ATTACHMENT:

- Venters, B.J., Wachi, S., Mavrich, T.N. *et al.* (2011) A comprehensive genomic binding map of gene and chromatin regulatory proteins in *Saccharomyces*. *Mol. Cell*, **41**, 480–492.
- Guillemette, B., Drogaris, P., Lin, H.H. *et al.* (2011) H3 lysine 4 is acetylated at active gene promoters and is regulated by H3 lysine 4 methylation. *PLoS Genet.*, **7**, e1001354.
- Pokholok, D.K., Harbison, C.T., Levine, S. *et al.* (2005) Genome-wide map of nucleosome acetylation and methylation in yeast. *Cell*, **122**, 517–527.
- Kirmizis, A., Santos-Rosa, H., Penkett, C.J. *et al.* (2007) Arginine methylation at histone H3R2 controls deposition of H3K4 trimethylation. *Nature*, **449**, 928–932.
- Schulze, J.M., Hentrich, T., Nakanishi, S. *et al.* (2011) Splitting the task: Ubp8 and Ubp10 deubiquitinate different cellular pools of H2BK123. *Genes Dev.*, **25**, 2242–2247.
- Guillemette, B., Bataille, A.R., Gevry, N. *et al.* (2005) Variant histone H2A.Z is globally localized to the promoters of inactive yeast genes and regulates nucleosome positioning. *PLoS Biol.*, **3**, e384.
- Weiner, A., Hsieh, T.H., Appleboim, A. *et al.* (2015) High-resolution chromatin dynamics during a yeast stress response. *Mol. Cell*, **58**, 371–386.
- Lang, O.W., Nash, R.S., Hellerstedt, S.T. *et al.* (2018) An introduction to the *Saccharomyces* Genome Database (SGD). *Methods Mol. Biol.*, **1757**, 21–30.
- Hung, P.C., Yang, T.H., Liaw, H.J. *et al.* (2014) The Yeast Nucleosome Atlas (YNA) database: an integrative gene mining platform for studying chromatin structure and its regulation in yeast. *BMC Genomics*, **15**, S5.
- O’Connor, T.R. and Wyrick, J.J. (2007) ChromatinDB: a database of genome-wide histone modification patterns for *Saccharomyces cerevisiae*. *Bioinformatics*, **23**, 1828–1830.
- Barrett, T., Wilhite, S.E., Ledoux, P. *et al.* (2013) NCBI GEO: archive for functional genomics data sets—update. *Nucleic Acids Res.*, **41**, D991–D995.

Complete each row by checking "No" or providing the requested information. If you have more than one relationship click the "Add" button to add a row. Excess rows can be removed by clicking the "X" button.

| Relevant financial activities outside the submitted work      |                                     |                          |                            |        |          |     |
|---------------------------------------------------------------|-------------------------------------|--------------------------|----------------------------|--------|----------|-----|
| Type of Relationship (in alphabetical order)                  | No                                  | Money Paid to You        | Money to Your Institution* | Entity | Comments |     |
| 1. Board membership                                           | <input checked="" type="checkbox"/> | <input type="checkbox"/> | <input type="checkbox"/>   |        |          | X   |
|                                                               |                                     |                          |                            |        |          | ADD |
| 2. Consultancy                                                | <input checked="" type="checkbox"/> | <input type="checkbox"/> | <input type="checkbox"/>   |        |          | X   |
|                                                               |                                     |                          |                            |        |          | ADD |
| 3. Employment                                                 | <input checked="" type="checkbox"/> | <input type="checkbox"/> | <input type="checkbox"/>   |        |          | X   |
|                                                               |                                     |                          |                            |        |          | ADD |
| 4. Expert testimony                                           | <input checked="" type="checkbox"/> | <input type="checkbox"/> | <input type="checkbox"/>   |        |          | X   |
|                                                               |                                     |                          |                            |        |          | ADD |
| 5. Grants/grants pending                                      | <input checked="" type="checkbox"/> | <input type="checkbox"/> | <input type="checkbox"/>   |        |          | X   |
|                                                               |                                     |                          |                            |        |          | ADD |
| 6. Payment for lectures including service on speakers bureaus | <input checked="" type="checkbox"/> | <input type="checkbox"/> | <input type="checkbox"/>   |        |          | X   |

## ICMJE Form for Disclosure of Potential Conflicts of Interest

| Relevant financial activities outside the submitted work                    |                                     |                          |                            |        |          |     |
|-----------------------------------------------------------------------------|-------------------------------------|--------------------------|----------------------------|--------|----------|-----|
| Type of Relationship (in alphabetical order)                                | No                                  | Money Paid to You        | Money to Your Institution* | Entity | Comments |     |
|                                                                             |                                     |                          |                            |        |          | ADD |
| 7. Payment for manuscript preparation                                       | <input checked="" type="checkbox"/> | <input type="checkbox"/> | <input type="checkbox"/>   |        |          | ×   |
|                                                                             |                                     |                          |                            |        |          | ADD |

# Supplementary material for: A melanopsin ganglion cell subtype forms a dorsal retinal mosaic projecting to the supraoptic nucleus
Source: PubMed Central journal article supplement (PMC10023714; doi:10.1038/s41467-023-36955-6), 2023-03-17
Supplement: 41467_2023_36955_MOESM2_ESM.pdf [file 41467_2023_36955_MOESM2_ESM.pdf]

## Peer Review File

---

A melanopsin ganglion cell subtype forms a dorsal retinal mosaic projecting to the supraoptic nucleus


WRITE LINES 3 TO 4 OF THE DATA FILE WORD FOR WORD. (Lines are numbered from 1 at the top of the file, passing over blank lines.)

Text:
- Pokholok, D.K., Harbison, C.T., Levine, S. *et al.* (2005) Genome-wide map of nucleosome acetylation and methylation in yeast. *Cell*, **122**, 517–527.
- Kirmizis, A., Santos-Rosa, H., Penkett, C.J. *et al.* (2007) Arginine methylation at histone H3R2 controls deposition of H3K4 trimethylation. *Nature*, **449**, 928–932.